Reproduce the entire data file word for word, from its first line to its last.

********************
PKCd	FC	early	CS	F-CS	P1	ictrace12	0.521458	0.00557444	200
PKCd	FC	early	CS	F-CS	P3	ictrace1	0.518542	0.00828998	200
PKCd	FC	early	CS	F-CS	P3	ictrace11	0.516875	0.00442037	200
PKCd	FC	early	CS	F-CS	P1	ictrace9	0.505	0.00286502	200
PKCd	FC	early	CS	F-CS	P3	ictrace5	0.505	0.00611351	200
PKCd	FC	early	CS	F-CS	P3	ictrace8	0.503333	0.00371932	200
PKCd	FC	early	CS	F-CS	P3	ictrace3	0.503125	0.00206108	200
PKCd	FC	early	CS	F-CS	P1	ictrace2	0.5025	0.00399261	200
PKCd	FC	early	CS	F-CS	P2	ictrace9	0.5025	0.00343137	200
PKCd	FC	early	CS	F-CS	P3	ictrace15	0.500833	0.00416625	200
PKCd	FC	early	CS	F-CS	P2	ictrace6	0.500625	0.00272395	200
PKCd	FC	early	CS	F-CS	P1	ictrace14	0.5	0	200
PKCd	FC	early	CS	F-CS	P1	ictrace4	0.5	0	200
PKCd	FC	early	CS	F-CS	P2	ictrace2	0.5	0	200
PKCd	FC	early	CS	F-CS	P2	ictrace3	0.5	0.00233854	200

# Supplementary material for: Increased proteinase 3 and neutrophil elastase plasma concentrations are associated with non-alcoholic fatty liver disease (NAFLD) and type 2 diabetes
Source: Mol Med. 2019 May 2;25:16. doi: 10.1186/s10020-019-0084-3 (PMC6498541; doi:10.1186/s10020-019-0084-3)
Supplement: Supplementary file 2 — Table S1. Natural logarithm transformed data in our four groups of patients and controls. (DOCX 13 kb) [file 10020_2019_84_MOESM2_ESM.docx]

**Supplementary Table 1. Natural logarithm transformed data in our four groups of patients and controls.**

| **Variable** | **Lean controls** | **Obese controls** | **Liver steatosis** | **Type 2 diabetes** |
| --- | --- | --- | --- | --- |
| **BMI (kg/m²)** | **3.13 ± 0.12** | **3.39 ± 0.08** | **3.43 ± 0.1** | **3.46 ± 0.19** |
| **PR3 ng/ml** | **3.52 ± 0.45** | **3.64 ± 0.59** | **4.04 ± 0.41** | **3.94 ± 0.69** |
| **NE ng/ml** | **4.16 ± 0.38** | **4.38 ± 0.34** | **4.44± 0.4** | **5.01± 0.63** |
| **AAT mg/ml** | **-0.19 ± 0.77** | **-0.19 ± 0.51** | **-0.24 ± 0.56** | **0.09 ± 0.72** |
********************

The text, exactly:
PKCd	FC	early	CS	F-CS	P1	ictrace12	0.521458	0.00557444	200
PKCd	FC	early	CS	F-CS	P3	ictrace1	0.518542	0.00828998	200
PKCd	FC	early	CS	F-CS	P3	ictrace11	0.516875	0.00442037	200
PKCd	FC	early	CS	F-CS	P1	ictrace9	0.505	0.00286502	200
PKCd	FC	early	CS	F-CS	P3	ictrace5	0.505	0.00611351	200
PKCd	FC	early	CS	F-CS	P3	ictrace8	0.503333	0.00371932	200
PKCd	FC	early	CS	F-CS	P3	ictrace3	0.503125	0.00206108	200
PKCd	FC	early	CS	F-CS	P1	ictrace2	0.5025	0.00399261	200
PKCd	FC	early	CS	F-CS	P2	ictrace9	0.5025	0.00343137	200
PKCd	FC	early	CS	F-CS	P3	ictrace15	0.500833	0.00416625	200
PKCd	FC	early	CS	F-CS	P2	ictrace6	0.500625	0.00272395	200
PKCd	FC	early	CS	F-CS	P1	ictrace14	0.5	0	200
PKCd	FC	early	CS	F-CS	P1	ictrace4	0.5	0	200
PKCd	FC	early	CS	F-CS	P2	ictrace2	0.5	0	200
PKCd	FC	early	CS	F-CS	P2	ictrace3	0.5	0.00233854	200

# Supplementary material for: Increased proteinase 3 and neutrophil elastase plasma concentrations are associated with non-alcoholic fatty liver disease (NAFLD) and type 2 diabetes
Source: Mol Med. 2019 May 2;25:16. doi: 10.1186/s10020-019-0084-3 (PMC6498541; doi:10.1186/s10020-019-0084-3)
Supplement: Supplementary file 2 — Table S1. Natural logarithm transformed data in our four groups of patients and controls. (DOCX 13 kb) [file 10020_2019_84_MOESM2_ESM.docx]

**Supplementary Table 1. Natural logarithm transformed data in our four groups of patients and controls.**

| **Variable** | **Lean controls** | **Obese controls** | **Liver steatosis** | **Type 2 diabetes** |
| --- | --- | --- | --- | --- |
| **BMI (kg/m²)** | **3.13 ± 0.12** | **3.39 ± 0.08** | **3.43 ± 0.1** | **3.46 ± 0.19** |
| **PR3 ng/ml** | **3.52 ± 0.45** | **3.64 ± 0.59** | **4.04 ± 0.41** | **3.94 ± 0.69** |
| **NE ng/ml** | **4.16 ± 0.38** | **4.38 ± 0.34** | **4.44± 0.4** | **5.01± 0.63** |
| **AAT mg/ml** | **-0.19 ± 0.77** | **-0.19 ± 0.51** | **-0.24 ± 0.56** | **0.09 ± 0.72** |